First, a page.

Tell Me Something True is an apt title for this stunning novel. Thought and action frequently find themselves at odds in this fiction debut from journalist and television host Leila Cobo—we start out dipping our toes in what appears to be a clear stream with a firm sandy bottom, but we soon find ourselves in much deeper waters. As the impeccably drawn characters in this narrative begin to reveal themselves, what they choose to share with us isn’t always the truth.
On a yearly visit to her grandmother Nini in Colombia, Gabriella finds her deceased mother’s diary on a dusty shelf. The personal narrative Gabriella has created in her own mind about her mother’s life begins to unravel as she discovers another, hidden life, one that doesn’t match Gabriella’s creation. The diary abruptly ends just before her mother, Helena, took a final, fatal flight to Colombia, leaving Gabriella with a question: was Helena flying to Colombia to join her lover, abandoning her husband and four-year-old Gabriella, or was she traveling there to end that affair?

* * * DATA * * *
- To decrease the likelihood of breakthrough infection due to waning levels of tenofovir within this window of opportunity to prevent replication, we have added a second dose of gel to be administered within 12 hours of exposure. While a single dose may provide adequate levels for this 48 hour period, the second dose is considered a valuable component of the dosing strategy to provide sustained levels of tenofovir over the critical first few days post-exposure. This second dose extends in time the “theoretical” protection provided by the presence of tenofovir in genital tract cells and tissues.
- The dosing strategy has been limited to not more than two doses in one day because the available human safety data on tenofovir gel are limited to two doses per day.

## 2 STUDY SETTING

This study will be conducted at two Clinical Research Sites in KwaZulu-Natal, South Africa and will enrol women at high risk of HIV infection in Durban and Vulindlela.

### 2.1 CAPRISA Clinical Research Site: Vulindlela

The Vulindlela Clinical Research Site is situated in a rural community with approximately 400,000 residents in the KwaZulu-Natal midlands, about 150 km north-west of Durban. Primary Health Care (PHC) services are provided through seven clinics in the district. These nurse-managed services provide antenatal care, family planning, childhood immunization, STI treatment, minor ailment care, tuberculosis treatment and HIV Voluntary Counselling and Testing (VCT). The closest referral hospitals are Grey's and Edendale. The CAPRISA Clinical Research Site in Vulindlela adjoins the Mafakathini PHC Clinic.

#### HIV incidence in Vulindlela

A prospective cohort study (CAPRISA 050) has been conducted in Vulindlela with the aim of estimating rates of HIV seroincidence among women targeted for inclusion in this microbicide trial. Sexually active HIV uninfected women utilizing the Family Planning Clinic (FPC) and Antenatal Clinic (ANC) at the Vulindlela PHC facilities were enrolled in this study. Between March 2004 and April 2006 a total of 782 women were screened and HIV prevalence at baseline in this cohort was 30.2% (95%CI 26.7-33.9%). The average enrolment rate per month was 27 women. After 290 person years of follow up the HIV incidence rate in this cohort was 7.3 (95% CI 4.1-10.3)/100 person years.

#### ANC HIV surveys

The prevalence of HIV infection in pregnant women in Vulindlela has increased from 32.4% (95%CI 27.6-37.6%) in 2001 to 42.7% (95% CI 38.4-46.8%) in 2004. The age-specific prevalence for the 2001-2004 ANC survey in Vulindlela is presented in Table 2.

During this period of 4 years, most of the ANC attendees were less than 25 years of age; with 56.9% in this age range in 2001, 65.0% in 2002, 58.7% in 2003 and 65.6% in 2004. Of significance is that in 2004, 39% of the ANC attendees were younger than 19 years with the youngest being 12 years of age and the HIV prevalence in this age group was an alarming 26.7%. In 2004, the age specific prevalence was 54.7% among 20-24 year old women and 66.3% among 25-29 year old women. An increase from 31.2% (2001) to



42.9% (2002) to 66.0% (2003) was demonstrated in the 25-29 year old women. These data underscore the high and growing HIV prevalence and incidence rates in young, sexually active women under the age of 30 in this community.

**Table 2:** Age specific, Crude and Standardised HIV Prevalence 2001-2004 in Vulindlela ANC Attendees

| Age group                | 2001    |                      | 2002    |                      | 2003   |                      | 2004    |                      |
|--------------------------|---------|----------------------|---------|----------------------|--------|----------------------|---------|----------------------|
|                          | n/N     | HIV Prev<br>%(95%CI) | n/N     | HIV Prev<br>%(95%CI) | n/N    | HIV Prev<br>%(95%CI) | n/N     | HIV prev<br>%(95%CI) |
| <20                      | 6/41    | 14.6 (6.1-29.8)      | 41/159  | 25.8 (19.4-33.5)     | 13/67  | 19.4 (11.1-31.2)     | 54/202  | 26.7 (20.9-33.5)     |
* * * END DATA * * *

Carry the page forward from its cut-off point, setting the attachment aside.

The contents of the diary form a sometimes eerie parallel to Gabriella’s story, as she finds herself stepping beyond the bounds of her well-ordered life to embrace a forbidden love affair of her own. The intertwining stories, though occasionally confusing in their similarities, are so well drawn that we’re in up to our necks before we know it.
Helena knows she’s justifying her secret life, but she fights to survive. It’s Gabriella’s life that grabs us, though, because we’re rooting for her, and at the same time we want to warn her she may not be thinking straight. At 22, for all her poise and accomplishments, she’s still acting like a teenager, convinced she has a handle on life’s pitfalls and can avoid them, even as she teeters on the brink. Gabriella wants to flaunt convention, but it’s hard for her to follow through, even as she struggles to find her place in the world and put her own demons to rest.
Does knowing the truth of a matter help us at a moment of emotional decision, even if we see where the chips are going to fall? Or are we every bit as vulnerable as if we’d not seen clear? The book’s strength is that it doesn’t give us the answers to our questions, and the author wisely hints that trying to unravel the knot of truth may prove a difficult task.
Barbara Clark writes from Cape Cod.